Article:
Cookin’ in the Cob Oven

Um… is it a million degrees at your house too? It’s supposed to be 102*F today. I grew up in the San Francisco Bay Area here in California where 82*F was considered hot. This… this is stupid hot. I was thanking the sun and moon today that we had built a cob oven last summer. It really does come in handy in the hot weather when you don’t want to heat up your house.


We stoked a small fire inside using small branches from around the yard. The pitch of the main oven compared to the opening height and width really helps keep smoke to a minimum (great during fire season) yet keeps the fire burning hot with very little fuel (wood). We burn for about two hours or until the branches have turned grey and are mostly ash. Then the remaining coals and ash are scooped out into a metal fire bucket. The brick floor of the oven is quickly swabbed and the soaked door is replaced to allow moisture to build up before putting the food for baking inside.



I know the cob oven is ready to bake in when I can reach into the oven with my arm for one second. If the oven were too hot to quickly stick my arm in, I would know that it would burn my food and should let it cool a bit. I also want to be sure that the oven is hot enough. I do this by –as quick as lightening– touching the top of the oven. Crazy hot means the oven is just right, but if I can touch the top of the cob oven for more than a nano second, it needed a longer fire. You pretty much have to risk burning the bejesus out of your hands to get a real feel for working with the cob oven. But I burn myself so often, I’m not afraid anymore.

One loaf of bread and two dozen whipped shortbread cookies went right into the cob oven. A tight squeeze, but it all worked out.



Once the goodies go in the oven, it’s just a matter of waiting it out. The cob oven cooks at a different rate every time, but I think a lot of that has to do with the fact that the bread dough is slightly different every time. It’s okay. I know the bread and cookies are done baking shortly after I start to smell them in the oven from a few yards away. Other than that, if the loaf sounds hollow when I tap on it, it is fairly safe to say that it is finished.

Mile high bread and perfectly baked cookies! And my house is still relatively cool.



Hey! Look at how well my “lawn growing” experiment is going! It’s actually just barley seed. I did have it just laying around after all. And because of the heat, the barley grass probably won’t grow much taller until fall. Now my dirt desert looks slightly more habitable.



11 thoughts on “Cookin’ in the Cob Oven

  1. Nope its kinda chilly in my house. It barely got to 70 today and its windy as heck (10 to 20mph winds) in the past 3 weeks its been in the 40s at night and maybe 50s during the day with non stop rain. Thought I had to plant rice with how wet my garden plot was. And I think I’m going to end up losing most of what I’ve already planted in there since its soup. I like your cob oven, did you at one time post how you made it? (If you did I can search and find it so its a dumb question Lol) love your ‘grass’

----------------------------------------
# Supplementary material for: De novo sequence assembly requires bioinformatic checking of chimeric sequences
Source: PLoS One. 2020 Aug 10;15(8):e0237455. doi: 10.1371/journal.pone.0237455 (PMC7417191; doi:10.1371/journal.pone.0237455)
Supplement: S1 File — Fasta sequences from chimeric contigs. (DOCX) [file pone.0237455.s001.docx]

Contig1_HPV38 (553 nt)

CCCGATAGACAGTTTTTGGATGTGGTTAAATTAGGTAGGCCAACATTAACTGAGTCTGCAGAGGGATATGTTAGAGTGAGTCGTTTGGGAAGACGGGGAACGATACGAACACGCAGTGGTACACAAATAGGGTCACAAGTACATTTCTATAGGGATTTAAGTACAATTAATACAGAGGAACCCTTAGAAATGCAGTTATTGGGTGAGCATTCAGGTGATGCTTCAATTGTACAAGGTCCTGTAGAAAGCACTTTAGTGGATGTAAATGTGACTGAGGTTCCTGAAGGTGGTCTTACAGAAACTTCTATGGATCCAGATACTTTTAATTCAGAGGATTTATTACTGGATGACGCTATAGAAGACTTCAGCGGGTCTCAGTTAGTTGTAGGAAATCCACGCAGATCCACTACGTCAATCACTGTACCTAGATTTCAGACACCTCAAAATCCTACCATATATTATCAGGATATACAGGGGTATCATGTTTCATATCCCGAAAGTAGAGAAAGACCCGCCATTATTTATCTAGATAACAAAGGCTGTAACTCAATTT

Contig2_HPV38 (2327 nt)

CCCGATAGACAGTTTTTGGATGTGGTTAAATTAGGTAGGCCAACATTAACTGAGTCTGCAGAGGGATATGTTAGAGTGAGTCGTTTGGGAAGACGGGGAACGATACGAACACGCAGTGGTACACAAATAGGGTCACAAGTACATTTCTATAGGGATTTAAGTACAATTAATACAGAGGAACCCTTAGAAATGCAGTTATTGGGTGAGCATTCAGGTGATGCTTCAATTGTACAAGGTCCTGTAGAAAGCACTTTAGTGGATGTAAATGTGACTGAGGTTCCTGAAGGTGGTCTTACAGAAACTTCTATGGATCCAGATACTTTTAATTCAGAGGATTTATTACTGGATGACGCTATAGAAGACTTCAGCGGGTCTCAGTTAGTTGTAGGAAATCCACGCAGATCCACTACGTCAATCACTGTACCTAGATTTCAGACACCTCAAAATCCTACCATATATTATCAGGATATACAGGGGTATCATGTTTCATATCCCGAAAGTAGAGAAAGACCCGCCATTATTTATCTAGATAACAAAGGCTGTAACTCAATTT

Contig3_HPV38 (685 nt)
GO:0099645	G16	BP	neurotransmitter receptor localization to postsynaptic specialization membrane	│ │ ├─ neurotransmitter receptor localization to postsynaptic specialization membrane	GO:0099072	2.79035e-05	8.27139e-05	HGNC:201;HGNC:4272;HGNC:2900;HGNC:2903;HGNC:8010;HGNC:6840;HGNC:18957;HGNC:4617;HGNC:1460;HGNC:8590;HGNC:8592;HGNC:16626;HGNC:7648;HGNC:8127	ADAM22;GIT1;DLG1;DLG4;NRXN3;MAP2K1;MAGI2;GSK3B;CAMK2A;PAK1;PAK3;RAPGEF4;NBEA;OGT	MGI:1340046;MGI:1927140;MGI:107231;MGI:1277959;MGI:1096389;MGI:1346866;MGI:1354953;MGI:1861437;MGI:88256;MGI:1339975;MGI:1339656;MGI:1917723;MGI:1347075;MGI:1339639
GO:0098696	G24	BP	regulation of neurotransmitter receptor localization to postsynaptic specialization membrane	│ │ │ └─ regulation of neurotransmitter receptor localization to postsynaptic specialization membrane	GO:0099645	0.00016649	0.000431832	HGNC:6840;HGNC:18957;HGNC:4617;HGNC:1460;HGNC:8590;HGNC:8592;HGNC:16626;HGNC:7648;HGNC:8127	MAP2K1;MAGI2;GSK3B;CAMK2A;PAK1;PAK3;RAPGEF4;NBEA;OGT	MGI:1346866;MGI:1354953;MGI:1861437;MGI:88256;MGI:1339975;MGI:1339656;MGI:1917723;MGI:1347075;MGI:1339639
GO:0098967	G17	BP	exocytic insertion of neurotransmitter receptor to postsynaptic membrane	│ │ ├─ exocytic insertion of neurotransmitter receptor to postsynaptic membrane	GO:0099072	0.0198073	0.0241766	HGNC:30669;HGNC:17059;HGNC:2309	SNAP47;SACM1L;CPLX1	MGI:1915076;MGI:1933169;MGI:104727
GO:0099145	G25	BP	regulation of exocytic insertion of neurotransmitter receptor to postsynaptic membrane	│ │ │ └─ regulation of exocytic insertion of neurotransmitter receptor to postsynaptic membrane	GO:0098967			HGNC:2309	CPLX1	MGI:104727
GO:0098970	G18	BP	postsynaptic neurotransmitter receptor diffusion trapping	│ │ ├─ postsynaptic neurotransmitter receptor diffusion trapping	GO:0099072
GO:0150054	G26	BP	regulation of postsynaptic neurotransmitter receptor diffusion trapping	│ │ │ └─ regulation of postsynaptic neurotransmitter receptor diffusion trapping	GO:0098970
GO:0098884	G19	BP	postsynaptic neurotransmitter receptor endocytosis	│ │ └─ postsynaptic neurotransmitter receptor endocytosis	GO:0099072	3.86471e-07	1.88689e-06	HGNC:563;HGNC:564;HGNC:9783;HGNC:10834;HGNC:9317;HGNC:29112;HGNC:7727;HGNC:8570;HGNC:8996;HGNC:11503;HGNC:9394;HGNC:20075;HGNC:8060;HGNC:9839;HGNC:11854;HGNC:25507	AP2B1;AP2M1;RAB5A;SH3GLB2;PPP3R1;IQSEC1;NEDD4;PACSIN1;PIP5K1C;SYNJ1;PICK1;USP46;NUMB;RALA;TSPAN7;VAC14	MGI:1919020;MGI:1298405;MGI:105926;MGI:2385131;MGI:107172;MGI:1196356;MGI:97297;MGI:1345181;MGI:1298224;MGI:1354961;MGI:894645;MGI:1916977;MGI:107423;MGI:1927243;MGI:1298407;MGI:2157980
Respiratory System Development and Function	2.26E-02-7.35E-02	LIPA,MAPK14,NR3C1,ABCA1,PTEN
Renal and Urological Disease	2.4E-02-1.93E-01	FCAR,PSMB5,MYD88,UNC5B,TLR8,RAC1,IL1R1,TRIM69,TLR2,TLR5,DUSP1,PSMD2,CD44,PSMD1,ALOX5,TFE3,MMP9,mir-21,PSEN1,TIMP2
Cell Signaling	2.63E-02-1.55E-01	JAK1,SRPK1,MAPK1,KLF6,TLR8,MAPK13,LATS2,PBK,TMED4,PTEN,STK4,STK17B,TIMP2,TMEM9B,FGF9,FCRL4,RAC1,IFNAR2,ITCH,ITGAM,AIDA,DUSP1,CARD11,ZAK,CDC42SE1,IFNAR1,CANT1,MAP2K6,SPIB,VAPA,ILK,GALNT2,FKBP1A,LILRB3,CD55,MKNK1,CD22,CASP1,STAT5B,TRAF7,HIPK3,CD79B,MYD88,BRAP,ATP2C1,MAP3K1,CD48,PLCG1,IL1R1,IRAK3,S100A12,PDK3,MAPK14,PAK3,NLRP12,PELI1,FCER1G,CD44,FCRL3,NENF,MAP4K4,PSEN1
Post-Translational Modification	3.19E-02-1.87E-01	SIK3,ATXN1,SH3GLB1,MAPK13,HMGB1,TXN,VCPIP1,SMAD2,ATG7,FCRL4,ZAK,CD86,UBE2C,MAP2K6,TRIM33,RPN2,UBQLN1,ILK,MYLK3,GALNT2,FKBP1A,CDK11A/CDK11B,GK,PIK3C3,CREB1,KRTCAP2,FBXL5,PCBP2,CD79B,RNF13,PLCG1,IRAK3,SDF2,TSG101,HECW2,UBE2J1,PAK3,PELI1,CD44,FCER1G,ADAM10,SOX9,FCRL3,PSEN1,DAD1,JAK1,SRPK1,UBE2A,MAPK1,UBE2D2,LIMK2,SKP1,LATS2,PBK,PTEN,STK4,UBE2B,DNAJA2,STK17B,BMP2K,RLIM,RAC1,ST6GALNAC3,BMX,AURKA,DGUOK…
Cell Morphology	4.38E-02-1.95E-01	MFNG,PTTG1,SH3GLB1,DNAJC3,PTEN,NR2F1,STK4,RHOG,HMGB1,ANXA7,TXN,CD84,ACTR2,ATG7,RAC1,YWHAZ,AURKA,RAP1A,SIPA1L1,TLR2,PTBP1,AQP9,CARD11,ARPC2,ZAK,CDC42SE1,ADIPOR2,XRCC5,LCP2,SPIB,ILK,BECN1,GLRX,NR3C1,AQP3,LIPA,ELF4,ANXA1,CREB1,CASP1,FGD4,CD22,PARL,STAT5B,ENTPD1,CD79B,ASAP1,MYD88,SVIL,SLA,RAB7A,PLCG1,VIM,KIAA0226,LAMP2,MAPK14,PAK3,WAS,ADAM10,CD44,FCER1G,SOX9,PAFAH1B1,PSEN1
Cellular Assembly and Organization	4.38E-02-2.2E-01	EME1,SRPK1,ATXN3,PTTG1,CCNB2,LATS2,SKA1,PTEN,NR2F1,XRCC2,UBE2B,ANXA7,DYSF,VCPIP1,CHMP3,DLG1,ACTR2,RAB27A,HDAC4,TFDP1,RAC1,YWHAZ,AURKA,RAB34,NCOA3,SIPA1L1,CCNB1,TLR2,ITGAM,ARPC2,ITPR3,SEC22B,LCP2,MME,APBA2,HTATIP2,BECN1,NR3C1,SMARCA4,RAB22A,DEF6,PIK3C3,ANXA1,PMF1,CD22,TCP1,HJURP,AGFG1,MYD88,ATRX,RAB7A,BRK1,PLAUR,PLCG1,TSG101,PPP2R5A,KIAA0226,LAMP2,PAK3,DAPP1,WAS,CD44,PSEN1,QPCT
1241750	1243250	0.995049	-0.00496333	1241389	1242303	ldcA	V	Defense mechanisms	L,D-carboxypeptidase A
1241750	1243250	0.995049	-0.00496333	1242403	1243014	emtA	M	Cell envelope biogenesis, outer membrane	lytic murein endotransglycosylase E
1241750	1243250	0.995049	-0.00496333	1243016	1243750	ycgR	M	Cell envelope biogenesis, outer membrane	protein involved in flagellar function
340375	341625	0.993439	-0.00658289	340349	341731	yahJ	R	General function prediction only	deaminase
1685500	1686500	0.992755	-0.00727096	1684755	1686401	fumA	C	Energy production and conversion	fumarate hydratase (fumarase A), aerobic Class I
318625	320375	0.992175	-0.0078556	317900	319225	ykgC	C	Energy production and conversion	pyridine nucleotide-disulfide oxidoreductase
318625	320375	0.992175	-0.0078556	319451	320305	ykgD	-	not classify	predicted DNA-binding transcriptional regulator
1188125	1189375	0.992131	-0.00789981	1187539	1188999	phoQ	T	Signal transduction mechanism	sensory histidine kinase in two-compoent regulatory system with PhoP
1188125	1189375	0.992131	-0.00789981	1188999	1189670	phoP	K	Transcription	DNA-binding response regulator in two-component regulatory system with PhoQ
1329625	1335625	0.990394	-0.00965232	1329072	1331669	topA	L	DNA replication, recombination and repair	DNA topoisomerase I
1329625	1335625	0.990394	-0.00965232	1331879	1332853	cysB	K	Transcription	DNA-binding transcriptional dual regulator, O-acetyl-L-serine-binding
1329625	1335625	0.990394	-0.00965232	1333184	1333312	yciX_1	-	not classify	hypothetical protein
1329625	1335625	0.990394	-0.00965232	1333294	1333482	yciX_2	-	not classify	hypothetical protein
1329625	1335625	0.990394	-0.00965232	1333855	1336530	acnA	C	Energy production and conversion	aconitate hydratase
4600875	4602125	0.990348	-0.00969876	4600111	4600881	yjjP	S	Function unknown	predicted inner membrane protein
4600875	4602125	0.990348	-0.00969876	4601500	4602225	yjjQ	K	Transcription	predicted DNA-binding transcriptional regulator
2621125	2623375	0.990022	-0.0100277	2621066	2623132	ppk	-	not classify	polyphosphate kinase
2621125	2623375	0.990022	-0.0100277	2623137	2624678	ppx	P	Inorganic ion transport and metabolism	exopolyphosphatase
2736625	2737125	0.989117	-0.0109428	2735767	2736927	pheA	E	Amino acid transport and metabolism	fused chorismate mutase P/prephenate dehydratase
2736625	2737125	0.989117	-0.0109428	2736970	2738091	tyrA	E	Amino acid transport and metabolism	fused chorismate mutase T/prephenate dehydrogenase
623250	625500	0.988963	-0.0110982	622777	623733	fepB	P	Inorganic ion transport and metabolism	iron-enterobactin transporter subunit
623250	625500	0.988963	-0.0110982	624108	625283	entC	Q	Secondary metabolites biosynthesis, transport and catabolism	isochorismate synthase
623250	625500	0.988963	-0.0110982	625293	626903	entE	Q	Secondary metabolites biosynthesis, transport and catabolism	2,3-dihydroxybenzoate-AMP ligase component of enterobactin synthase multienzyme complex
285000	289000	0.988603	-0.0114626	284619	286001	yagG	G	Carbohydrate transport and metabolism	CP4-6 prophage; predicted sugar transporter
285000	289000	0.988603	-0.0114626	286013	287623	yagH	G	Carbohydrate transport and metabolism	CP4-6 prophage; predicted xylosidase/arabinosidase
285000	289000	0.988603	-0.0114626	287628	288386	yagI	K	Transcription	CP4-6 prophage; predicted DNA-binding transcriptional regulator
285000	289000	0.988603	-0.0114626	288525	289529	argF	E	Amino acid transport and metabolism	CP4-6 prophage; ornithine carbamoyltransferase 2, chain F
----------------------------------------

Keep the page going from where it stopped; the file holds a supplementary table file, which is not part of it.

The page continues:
• I found a “guide” on Mother Earth News, but it didn’t have exact measurements or pictures or very detailed instructions so I had to learn as I went. My version is on the DIY Projects page tab under “Cob Oven” (

  2. I love that!!!! That is so cool!!! How do you adjust the temp????? And keep it there for baking???? The bread and cookies looked good. Even I don’t get that great looking cookies in the house oven. The bread looked good too. Is that bread from wheat or corn.? Has a yellow color is why I’m asking. Barley is so much here in Florida, That I even can’t use it for the fodder grass. I’m trying the wheat. It ok so I still watching the video’s and trying to get it right. LOL Have a great day!!!! Mare

    • It is so fun to cook in. It even becomes a family event. Cami gathers sticks from fallen branches around the yard, Trevor stokes the fire, and I make the dough for whatever we decide to bake. Although, admittedly, I forgot to put the quiche in. Oops!

      You don’t really adjust the temperature inside the oven. What you do is cook according to the temperature. So you start with foods that like higher temps (like pies or meats or roasted veggies), then when that’s done you put in breads, then when that’s done you bake your coolest baked goods (like cookies or pretzels). As the oven cools you adapt by cooking things that require different temperatures. My bread was made using an organic, unbleached white wheat flour… because I’m fancy like that.

      Good luck with your fodder! Once you find a source for grain then it is easy. Barley and wheat are easiest, but in a pinch, you could see how well/if oats will sprout in your climate. Whole oats… not rolled oats.

  3. My fiance, his family, and I have beeen making pizzas with our cob oven, I was wondering around what temp is your cob oven when you cook the bread and the cookies? We’ve been wanting to try desserts but can’t seem to find anywhere that has that information.

    • When I cook bread, it is usually around 475*. Cookies are at about 300*. Obviously you will want to cook the foods requiring the most heat first and then end with something low cooked like cookies. It should go in an order similar to this (although you wouldn’t have time to do more than three options usually): meat, pie, bread, pizza, roast veggies, cookies, drying herbs.

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